5 ways to fix your operating cash burn

If your business is facing a crisis that’s caused an unexpected drop in sales outside your control, you may find yourself in a negative cash flow situation. There are a few ways you might be able to reduce the cash you are ‘burning’ each week.

First, calculate your cash zero date
The cash burn rate is the amount of money you are losing each week. Your sense of urgency is likely to be based on the time you have left before you run out of cash. Add up existing weekly income, subtract expenses and then divide this amount into your cash reserves to calculate the number of weeks until you run out of cash.

Here are five tips to help extend this timeframe:

1. Reduce the burn rate
Depending on how the crisis has affected your business, you may be able to lower some expenses while still ensuring that you are able to operate. Some ways to do this include:

  • cut all unnecessary overhead costs
  • negotiate lower rent
  • reduce staff hours or numbers, even only short-term
  • change monthly subscription plans to lower rates
  • collaborate with businesses by sharing your staff and costs

Go through your last few months of invoices and credit card statements to see what expenses could be cut. Now is the time to make hard decisions to reduce anything that isn’t mission critical. These items may have built up over time, and you can look back with perspective to see which ones were not 100 percent necessary.

2. Increase cash reserves
The more cash you have in reserve the longer you can ride out a dip in sales. But if the crisis looks like it will be lengthy, and you know current operating cash will run out before you project a recovery in sales, you may need to access additional funds.

Traditional methods like business loans and adding in more of your own capital are potential options, but you should identify other ways to increase your cash reserve balance, such as:

  • liquidating unused assets
  • selling assets and leasing back when needed
  • selling excess stock levels and not replacing
  • clearing out obsolete raw materials
  • crowdfunding or seeking external investors
  • re-investing in the business using past retained profit or your own savings
  • borrowing more funds
  • accessing any subsidies or grants

It’s sensible to have contingencies in place to access working capital if you need it, allowing your business to continue to operate when the crisis ends, even if some parts are temporary. At the end of the day you need to assess the potential for your business to recover and how much debt or equity funding you’re willing to accept.

3. Negotiate better payment terms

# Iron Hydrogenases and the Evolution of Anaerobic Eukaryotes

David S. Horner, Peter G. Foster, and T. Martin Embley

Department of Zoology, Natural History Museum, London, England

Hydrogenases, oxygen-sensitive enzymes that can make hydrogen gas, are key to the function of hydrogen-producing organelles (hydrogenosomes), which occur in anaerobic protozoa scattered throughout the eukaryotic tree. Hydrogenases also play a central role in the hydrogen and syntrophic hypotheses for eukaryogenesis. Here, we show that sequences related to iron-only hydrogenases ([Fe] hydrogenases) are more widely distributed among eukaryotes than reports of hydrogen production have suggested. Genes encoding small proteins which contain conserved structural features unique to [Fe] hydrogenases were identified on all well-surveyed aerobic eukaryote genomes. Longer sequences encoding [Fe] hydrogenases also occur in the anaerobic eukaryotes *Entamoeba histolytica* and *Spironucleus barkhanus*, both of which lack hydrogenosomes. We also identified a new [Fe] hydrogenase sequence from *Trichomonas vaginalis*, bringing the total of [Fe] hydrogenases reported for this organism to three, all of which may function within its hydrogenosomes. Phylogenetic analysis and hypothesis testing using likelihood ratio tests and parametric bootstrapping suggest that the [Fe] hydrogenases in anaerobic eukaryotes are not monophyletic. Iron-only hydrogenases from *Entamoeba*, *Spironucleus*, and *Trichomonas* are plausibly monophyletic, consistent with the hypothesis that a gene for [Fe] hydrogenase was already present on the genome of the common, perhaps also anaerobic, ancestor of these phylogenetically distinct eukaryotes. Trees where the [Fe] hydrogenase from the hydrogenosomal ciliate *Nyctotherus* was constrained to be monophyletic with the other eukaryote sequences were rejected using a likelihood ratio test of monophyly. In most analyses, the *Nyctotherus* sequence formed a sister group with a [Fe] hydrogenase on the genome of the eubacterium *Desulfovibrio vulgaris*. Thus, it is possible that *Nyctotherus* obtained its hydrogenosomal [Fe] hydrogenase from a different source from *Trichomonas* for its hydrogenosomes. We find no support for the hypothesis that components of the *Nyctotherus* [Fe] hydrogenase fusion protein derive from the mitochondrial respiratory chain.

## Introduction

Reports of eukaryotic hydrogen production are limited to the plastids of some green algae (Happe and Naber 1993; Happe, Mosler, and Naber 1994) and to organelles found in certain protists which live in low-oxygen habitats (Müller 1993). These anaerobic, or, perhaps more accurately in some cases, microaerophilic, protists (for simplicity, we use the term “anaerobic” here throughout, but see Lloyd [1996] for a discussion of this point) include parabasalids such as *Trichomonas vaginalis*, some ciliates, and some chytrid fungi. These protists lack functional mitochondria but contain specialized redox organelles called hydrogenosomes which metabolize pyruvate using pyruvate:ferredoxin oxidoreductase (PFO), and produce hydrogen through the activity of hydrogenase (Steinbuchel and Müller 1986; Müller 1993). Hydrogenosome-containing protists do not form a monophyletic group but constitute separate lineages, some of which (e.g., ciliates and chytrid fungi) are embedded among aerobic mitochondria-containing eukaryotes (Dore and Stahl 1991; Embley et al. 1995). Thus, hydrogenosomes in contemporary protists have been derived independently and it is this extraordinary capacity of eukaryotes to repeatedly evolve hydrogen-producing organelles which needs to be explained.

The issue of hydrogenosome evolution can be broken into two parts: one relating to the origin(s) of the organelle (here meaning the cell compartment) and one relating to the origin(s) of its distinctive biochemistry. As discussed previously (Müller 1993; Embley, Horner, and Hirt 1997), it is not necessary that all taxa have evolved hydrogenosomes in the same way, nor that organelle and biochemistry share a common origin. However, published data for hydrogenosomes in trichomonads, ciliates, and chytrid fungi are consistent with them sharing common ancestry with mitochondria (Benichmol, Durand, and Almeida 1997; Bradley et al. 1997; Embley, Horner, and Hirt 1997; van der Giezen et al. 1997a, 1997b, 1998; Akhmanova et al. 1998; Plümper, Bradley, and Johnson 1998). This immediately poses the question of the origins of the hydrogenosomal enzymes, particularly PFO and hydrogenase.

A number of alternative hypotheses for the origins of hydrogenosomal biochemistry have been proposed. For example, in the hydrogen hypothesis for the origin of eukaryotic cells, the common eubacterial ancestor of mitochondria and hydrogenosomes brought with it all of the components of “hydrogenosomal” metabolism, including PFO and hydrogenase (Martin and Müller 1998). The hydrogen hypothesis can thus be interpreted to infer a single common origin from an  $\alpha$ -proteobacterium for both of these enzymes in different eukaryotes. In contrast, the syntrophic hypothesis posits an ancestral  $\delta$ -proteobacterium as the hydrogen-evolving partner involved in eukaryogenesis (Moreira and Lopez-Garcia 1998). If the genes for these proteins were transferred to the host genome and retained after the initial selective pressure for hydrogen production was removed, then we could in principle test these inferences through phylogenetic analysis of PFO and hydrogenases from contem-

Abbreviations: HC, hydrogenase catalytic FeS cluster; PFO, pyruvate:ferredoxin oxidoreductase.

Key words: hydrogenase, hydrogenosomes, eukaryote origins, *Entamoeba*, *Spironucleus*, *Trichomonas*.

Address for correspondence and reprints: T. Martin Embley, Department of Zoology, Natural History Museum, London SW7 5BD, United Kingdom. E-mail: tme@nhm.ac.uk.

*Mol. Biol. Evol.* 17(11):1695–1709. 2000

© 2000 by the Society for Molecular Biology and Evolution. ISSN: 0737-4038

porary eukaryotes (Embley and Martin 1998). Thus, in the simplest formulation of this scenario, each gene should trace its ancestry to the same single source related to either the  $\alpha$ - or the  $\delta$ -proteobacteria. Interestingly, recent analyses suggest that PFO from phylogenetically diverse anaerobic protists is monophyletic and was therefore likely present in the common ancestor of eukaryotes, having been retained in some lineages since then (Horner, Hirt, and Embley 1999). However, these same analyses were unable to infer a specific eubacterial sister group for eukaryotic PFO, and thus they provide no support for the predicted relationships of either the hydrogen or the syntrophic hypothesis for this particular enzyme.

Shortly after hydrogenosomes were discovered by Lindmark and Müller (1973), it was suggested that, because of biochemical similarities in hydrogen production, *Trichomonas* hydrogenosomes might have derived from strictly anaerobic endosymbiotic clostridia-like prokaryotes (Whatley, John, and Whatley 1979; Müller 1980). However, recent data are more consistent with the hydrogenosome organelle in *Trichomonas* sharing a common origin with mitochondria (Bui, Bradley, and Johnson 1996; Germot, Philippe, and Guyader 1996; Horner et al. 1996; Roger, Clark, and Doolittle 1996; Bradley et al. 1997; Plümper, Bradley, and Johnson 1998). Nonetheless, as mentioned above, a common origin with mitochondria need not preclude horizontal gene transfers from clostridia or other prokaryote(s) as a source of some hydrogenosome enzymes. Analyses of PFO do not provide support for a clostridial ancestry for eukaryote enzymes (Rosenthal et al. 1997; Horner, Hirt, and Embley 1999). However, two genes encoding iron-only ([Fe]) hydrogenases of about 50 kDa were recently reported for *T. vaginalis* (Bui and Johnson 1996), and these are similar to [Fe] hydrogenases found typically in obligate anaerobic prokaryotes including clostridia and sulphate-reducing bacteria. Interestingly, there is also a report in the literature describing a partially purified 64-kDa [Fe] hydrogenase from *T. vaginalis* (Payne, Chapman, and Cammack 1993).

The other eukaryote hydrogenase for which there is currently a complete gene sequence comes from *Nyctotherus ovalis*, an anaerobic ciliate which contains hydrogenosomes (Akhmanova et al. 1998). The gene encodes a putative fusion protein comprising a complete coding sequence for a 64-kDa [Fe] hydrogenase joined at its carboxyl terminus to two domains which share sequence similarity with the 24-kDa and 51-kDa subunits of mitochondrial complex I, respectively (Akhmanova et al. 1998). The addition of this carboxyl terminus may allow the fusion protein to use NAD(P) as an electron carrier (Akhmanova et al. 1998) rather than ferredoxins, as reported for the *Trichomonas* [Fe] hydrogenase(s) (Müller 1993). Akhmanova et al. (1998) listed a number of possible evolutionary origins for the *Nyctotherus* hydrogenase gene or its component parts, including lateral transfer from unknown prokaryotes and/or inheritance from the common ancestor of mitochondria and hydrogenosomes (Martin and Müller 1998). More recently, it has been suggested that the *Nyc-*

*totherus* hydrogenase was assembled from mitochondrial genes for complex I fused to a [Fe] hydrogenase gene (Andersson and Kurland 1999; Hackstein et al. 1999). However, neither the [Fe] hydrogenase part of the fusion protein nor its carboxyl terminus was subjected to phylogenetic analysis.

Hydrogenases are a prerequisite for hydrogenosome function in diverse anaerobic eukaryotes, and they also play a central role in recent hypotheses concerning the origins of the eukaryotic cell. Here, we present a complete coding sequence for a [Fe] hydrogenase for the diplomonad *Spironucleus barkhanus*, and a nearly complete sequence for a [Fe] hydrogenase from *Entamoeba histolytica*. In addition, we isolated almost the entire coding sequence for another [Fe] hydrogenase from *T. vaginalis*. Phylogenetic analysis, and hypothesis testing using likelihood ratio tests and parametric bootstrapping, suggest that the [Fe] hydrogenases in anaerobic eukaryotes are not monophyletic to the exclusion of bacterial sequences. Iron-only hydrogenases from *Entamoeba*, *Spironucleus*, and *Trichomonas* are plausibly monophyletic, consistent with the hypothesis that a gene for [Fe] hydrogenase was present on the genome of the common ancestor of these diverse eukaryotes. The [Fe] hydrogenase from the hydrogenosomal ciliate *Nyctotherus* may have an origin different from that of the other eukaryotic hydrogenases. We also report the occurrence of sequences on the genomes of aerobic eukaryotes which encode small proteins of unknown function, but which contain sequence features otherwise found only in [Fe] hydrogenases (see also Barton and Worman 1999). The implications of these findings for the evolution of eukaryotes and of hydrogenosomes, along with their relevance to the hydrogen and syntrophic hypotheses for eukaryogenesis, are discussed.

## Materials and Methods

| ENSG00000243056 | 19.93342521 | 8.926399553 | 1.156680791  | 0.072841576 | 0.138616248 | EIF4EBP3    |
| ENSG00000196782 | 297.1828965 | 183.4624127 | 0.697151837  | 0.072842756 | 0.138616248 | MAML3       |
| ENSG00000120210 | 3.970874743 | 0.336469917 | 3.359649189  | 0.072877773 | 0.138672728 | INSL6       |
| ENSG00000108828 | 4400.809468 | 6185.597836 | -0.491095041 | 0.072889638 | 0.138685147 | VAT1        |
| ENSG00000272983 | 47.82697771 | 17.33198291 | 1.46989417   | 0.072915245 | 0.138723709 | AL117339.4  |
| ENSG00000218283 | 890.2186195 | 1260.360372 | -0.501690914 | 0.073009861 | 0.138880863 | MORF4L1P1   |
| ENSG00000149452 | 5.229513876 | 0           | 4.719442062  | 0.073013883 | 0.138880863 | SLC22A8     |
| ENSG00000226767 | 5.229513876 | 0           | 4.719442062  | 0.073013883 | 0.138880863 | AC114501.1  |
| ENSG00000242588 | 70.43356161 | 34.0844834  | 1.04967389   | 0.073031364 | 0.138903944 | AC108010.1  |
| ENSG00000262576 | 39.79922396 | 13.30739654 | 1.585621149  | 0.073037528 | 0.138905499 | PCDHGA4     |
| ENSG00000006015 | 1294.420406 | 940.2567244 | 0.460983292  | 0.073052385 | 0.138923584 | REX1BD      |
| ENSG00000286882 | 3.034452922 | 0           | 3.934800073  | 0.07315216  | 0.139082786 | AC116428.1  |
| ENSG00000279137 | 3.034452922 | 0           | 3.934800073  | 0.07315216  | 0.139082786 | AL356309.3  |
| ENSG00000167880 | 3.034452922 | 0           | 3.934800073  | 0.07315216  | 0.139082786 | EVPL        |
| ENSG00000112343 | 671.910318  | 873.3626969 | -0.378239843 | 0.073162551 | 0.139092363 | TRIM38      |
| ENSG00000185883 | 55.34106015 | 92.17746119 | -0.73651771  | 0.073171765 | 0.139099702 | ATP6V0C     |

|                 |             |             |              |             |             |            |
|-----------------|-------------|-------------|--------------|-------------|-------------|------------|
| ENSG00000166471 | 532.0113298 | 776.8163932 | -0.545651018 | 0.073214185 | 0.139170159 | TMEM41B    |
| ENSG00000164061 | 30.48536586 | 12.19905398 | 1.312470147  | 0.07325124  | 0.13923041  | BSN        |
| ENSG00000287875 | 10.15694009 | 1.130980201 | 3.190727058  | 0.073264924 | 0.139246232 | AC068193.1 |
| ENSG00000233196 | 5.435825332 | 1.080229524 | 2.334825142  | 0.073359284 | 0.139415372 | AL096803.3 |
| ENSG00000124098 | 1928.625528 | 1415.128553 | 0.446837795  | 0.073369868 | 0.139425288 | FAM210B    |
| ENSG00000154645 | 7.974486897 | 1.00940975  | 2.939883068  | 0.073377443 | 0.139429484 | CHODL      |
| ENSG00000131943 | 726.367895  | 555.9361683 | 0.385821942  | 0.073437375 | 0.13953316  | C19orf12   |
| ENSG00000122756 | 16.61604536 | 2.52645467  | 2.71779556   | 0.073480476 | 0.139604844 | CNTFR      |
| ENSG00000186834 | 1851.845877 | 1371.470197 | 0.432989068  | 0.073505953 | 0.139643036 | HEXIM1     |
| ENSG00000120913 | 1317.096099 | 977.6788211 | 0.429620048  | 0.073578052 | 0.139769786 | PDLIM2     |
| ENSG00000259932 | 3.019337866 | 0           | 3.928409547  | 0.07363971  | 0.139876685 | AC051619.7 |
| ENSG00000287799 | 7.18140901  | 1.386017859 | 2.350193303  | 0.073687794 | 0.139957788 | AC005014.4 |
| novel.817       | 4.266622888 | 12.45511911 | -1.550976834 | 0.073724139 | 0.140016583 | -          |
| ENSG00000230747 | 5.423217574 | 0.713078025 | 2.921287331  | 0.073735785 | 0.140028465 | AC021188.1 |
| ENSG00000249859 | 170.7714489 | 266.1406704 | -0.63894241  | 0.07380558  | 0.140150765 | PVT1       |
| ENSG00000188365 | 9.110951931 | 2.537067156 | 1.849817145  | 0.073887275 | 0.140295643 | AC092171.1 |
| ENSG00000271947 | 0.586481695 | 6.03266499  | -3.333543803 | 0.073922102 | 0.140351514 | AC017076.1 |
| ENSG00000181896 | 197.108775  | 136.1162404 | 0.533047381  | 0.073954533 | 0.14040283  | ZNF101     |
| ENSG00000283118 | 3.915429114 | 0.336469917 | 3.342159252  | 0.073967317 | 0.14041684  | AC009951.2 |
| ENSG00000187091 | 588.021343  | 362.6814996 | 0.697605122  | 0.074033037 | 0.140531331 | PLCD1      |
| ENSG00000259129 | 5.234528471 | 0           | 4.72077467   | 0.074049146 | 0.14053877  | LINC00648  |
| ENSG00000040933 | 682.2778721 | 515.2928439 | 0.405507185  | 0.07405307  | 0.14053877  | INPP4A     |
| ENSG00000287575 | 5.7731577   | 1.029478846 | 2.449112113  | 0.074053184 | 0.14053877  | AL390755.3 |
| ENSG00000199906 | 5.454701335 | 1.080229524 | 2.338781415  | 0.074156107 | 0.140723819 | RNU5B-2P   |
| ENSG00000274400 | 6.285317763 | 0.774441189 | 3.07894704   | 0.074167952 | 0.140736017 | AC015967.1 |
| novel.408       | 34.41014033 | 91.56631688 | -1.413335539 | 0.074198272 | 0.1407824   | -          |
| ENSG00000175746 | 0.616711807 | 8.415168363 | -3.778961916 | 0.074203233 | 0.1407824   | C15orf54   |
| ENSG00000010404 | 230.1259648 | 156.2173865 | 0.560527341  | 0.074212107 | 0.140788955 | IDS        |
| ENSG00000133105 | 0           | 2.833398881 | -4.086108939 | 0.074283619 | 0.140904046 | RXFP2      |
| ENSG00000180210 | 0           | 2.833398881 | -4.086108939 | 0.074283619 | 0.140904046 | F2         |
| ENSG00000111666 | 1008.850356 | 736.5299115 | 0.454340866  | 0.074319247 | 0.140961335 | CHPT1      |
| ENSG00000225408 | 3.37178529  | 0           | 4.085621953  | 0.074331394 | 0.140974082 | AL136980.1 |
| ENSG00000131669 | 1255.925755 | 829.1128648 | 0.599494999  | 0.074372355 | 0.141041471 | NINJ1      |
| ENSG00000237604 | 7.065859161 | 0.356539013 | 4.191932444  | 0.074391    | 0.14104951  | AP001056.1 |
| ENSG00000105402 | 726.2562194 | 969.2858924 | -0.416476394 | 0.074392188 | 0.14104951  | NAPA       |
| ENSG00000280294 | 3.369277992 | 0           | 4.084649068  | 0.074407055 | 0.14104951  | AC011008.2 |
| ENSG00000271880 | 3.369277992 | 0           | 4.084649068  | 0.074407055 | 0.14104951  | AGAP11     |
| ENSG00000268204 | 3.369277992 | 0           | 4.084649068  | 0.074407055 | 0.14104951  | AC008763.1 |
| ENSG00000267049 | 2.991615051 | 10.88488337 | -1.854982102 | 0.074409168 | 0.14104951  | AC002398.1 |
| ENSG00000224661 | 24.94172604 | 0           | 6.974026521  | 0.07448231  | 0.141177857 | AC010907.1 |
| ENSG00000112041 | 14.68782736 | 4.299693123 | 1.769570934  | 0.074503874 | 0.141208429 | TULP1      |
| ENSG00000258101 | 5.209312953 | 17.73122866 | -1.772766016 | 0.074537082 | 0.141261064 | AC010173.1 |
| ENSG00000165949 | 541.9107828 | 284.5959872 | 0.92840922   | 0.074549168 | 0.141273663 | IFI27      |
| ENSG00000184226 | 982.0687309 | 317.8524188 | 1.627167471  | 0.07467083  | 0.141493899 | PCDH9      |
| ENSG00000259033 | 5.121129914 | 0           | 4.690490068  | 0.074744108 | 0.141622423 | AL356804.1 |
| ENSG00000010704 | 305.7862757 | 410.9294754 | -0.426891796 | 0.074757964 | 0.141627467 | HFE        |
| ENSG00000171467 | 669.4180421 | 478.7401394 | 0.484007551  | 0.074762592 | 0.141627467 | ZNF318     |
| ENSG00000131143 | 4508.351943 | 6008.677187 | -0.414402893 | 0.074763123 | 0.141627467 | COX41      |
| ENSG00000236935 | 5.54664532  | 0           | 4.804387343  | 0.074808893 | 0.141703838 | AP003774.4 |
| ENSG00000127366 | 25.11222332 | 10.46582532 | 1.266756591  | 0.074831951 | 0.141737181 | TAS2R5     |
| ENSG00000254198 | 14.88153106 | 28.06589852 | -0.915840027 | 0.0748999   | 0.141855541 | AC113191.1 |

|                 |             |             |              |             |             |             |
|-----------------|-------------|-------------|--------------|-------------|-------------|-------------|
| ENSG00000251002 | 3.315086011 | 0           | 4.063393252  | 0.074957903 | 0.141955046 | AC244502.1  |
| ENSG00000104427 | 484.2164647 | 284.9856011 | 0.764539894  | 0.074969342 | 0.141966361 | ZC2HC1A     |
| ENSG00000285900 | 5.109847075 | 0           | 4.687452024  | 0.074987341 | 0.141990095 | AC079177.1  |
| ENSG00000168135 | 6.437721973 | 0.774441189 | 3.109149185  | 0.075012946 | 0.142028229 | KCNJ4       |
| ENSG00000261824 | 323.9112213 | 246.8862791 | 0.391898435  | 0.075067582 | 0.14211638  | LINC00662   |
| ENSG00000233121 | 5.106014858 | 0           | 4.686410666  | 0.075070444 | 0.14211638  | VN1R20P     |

You might be able to negotiate partial payments or deferred payments with your suppliers until your business recovers. In the short term, you could consider:

  • moving to interest only loans
  • asking suppliers to let you make partial payments or pay at a later date
  • asking to delay any rent or lease costs
  • deferring any tax payments if that is an option open to you

If you’re changing any legal or contractual obligations including anything with the IRS, be sure to get professional legal or tax advice before you make any decisions that could have long term implications.

4. Identify alternate revenue streams
Some businesses are able to find new revenue, even temporarily, by adapting or changing how they do business. It could be possible to move parts of your business online, start a joint venture with other businesses who are still operating, identify new customer segments or possibly reinvent the business and look for a new market.

With any crisis, take the time to plan what your business can do to weather the storm and review your business continuity planning to reduce the impact of future events.

5. Close parts of the business that no longer make economic sense
It’s possible some components of your business have not been contributing to your net profit. Maybe you’ve kept them for sentimental reasons (first location, initial product line, old customers still buying limited amounts, loyal employees). You may have diversified into other markets, expanded into new customer segments, introduced new products and bolted on components to take advantage of a past opportunity.

But if closing or selling/liquidating part of your business will save the whole, then it starts to make sense. You probably intuitively know which products, services, branches and stores need to go based on what’s happened to your business.

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